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An open letter about the "utter uselessness" of job interviews

by Brian M. Stern

Jason Dana, assistant professor of management and marketing at the Yale School of Management, recently argued in The New York Times that job interviews are “utterly useless” in identifying the best candidates for the job.

Dana describes an experiment that purports to demonstrate interviews as inconsequential to determining the future success of applicants. He claims that interviewers often form strong impressions about applicants that frequently turn out to be entirely inaccurate, "revealing more about themselves than the candidates."

Students of industrial-organizational psychology have conducted this old experiment many times. It’s actually been well-documented that poorly planned, unstructured interviews are poor predictors of on-the-job success.

At issue is an organization's leadership discipline to deploy, manage, and adhere to known best practices for conducting objective and useful interviews. Hiring is a business process with outcomes to manage. In the absence of discipline, the process runs out of control and the results are unpredictable.

Compatibility can often be determined in the first few minutes of an interview. However, a rigorous exploration of an individual’s competence requires planning, structure, content, and process.

Over 100 years of other experiments have documented that the inclusion of objective candidate evaluation data positively augments the outcome of hiring decisions. Objective candidate evaluation methods work much better than the interview to establish degrees of competence.

According to the 2016 Talent Board Candidate Experience Awards and Benchmark survey, 75 percent of companies are using one or more types of objective candidate evaluation. This process serves the needs of recruiters and candidates. Candidates who complete one or more objective evaluation experiences report they had a better opportunity to demonstrate their abilities. And recruiters enabled with the data from such evaluation are more accurate and efficient: they invest their time with better-fit candidates and end up hiring individuals who remain on the job longer and achieve superior results.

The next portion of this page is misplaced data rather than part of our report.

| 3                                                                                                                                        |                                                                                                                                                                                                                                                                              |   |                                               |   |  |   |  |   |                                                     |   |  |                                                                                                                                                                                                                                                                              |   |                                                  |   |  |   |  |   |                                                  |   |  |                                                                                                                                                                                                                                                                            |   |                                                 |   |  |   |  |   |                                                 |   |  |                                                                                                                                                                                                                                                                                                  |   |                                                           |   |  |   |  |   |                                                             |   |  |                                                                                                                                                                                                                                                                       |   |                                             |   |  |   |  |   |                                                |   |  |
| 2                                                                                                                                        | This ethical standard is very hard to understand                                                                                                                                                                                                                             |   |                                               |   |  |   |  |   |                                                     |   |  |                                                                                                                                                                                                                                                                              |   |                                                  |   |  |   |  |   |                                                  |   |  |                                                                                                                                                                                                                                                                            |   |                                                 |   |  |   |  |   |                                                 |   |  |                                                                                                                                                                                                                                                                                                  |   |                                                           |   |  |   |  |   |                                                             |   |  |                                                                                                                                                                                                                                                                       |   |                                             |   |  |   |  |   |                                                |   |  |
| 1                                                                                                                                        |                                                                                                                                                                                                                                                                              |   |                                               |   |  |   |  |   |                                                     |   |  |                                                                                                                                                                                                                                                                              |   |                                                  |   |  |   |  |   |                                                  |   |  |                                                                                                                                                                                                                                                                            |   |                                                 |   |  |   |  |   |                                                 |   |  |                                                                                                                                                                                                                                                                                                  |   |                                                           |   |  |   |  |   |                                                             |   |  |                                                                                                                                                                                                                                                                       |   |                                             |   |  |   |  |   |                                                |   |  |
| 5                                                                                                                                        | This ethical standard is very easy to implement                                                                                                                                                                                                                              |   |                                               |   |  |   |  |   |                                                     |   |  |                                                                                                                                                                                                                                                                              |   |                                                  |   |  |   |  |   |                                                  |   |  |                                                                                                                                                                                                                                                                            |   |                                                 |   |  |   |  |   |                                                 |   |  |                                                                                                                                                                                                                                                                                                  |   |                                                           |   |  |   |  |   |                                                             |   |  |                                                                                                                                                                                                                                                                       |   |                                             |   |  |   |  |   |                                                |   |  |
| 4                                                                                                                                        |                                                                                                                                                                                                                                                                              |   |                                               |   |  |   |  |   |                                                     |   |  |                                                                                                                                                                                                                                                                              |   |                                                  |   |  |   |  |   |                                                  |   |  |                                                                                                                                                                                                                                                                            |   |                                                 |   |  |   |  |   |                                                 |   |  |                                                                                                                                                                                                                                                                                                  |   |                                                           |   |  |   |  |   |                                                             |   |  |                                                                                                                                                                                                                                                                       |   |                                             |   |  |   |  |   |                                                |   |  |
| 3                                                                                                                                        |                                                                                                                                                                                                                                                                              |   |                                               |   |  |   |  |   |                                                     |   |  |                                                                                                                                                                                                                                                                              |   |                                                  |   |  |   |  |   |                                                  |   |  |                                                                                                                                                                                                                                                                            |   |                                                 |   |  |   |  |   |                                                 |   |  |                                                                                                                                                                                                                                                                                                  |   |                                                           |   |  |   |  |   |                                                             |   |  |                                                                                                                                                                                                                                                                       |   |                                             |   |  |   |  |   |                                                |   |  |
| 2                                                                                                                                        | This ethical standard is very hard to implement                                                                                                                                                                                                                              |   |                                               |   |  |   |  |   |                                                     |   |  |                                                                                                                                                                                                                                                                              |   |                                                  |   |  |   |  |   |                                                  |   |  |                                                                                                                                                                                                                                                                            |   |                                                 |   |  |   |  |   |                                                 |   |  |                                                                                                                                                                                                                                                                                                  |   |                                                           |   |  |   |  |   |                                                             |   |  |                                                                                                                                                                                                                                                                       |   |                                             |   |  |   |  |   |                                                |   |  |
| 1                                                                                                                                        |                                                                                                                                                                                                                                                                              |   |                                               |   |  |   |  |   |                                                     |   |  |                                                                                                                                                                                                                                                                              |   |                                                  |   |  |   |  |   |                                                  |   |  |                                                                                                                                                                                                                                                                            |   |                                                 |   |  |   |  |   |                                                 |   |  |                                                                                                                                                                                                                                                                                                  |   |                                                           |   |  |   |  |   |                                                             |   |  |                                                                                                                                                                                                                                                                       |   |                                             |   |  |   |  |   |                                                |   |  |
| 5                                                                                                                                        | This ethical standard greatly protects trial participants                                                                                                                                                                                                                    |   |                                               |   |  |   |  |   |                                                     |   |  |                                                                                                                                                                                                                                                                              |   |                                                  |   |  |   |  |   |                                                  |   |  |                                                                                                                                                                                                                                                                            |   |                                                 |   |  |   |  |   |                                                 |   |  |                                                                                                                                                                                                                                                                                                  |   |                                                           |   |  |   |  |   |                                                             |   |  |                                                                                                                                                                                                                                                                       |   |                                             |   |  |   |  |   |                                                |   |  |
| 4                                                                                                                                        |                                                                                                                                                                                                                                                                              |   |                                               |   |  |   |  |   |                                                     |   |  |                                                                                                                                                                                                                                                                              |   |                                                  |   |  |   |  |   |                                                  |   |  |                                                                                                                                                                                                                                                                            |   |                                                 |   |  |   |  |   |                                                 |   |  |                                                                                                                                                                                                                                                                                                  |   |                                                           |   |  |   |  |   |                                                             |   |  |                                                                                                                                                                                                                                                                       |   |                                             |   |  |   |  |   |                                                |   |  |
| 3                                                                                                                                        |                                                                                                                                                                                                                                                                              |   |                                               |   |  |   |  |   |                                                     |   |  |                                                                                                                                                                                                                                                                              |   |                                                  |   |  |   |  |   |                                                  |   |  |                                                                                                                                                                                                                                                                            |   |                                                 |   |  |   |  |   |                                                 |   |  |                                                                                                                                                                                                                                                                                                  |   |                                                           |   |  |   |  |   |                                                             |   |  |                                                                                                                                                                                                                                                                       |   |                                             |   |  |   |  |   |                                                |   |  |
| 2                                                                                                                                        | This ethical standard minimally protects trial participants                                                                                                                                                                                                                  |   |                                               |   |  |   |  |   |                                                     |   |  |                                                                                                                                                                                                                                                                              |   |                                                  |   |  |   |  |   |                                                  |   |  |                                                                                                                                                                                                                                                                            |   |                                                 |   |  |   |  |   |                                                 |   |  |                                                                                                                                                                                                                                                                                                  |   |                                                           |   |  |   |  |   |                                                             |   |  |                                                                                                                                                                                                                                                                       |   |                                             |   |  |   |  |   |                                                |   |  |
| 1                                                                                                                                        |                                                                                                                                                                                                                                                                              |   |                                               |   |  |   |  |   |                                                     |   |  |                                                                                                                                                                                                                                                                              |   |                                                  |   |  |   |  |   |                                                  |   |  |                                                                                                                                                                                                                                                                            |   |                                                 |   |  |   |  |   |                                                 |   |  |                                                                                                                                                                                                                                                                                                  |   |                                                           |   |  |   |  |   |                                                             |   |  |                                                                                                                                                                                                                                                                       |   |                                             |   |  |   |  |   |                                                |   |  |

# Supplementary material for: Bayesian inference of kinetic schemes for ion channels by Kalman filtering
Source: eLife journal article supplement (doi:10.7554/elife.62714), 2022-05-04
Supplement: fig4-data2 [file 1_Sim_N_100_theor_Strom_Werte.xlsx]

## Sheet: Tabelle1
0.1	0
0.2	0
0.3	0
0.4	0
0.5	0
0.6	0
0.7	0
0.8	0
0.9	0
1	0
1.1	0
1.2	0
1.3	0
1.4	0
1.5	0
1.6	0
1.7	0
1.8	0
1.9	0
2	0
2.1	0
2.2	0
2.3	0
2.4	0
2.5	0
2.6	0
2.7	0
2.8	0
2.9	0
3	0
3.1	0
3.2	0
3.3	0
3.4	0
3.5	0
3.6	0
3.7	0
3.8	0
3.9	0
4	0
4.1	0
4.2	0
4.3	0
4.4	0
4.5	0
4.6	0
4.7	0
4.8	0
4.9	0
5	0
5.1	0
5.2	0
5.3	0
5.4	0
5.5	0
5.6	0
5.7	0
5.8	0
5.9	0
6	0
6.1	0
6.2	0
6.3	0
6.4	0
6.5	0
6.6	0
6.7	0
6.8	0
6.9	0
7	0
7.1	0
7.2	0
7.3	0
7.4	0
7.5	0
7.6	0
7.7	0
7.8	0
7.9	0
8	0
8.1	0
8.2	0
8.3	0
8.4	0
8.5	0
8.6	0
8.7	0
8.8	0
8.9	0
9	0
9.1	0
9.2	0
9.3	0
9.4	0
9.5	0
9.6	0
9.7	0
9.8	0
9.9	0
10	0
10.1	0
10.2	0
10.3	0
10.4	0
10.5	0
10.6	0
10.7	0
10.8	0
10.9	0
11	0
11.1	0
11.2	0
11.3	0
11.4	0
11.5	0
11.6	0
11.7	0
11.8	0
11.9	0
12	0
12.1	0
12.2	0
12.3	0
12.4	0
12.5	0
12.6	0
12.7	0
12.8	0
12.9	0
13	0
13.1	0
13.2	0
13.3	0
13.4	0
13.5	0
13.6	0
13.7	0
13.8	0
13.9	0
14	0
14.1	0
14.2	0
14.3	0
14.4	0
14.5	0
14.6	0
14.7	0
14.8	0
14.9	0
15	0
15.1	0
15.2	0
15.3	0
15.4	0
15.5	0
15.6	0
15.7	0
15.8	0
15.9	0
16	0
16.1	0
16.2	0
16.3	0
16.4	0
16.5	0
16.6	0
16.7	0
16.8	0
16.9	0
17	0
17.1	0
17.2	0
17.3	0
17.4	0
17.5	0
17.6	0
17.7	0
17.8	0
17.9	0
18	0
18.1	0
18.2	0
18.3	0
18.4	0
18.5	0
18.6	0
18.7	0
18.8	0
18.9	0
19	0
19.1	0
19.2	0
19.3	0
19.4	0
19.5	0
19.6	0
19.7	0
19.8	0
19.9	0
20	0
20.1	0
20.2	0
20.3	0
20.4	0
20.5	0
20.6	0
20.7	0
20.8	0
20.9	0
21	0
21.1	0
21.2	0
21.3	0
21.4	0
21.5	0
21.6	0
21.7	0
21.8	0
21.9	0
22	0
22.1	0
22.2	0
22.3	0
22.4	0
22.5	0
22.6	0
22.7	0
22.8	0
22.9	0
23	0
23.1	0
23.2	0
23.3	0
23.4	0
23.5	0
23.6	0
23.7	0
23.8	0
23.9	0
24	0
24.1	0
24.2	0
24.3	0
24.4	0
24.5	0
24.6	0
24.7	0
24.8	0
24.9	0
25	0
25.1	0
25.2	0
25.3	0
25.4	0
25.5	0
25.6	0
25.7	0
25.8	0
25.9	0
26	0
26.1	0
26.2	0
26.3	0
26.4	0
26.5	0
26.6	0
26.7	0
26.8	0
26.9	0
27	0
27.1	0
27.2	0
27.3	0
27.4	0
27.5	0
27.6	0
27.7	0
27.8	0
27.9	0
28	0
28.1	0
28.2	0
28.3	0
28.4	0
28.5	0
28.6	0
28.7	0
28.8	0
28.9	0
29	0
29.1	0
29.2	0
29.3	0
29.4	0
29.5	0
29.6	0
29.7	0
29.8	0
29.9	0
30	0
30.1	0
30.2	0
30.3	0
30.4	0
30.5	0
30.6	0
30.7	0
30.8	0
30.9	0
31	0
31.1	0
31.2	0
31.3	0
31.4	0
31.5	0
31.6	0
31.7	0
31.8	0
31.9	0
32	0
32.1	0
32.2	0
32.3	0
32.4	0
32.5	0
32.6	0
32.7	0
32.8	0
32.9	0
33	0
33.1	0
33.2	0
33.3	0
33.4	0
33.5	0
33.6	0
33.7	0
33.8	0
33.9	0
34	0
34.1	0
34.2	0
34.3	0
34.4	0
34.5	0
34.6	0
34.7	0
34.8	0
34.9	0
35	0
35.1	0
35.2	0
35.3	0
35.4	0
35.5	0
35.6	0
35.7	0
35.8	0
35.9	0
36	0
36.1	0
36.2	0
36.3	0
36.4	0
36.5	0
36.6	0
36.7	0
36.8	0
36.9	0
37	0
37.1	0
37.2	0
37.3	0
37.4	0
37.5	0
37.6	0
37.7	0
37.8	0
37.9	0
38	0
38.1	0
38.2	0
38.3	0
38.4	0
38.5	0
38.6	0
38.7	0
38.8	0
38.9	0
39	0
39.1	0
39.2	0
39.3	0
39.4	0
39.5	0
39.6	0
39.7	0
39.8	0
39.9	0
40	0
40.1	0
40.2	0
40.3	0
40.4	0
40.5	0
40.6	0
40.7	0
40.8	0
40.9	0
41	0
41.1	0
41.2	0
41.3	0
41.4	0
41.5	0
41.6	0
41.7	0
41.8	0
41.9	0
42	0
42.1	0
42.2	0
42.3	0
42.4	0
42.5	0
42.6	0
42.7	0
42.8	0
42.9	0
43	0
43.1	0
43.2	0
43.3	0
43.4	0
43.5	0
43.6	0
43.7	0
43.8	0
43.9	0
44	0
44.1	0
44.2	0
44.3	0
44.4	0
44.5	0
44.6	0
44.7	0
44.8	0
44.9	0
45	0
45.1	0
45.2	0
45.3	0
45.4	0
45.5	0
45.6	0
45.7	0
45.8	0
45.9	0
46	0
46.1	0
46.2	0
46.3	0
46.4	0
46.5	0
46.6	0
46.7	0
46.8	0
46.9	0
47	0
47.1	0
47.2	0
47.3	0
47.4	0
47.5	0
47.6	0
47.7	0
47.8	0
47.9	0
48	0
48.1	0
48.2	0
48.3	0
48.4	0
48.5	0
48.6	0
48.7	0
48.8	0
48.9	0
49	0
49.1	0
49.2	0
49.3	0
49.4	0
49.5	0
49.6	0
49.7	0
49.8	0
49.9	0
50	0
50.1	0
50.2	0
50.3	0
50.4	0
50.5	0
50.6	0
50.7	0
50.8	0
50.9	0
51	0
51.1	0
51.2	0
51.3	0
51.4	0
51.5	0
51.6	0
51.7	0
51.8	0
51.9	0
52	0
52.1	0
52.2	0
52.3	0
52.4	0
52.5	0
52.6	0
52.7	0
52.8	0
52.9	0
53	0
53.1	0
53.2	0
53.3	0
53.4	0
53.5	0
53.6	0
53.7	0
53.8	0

The fastest growing segment of objective candidate evaluation is simulation-based assessment (50 percent increase from 2015 to 2016), which engages candidates in day-in-the-life work tasks and activities. Simulation-based assessment adds discipline and consistency to the evaluation process while enabling recruiters with objective insight into performance potential that helps focus the interview on matters of competence instead of compatibility.

The Society for Industrial and Organizational Psychology (SIOP) and Society for Human Resource Management (SHRM) conduct an awards program to recognize organizations that demonstrate and advance evidence-based practices. Bank of America recently won the prestigious Human Resource Management Impact Award for documenting $6.8 million in savings from improving their hiring outcomes.

Setting up an experiment to document the failure of flawed practices is easy. What’s hard is employing leadership, vision, and discipline to deploy known best practices to deliver bottom-line impact.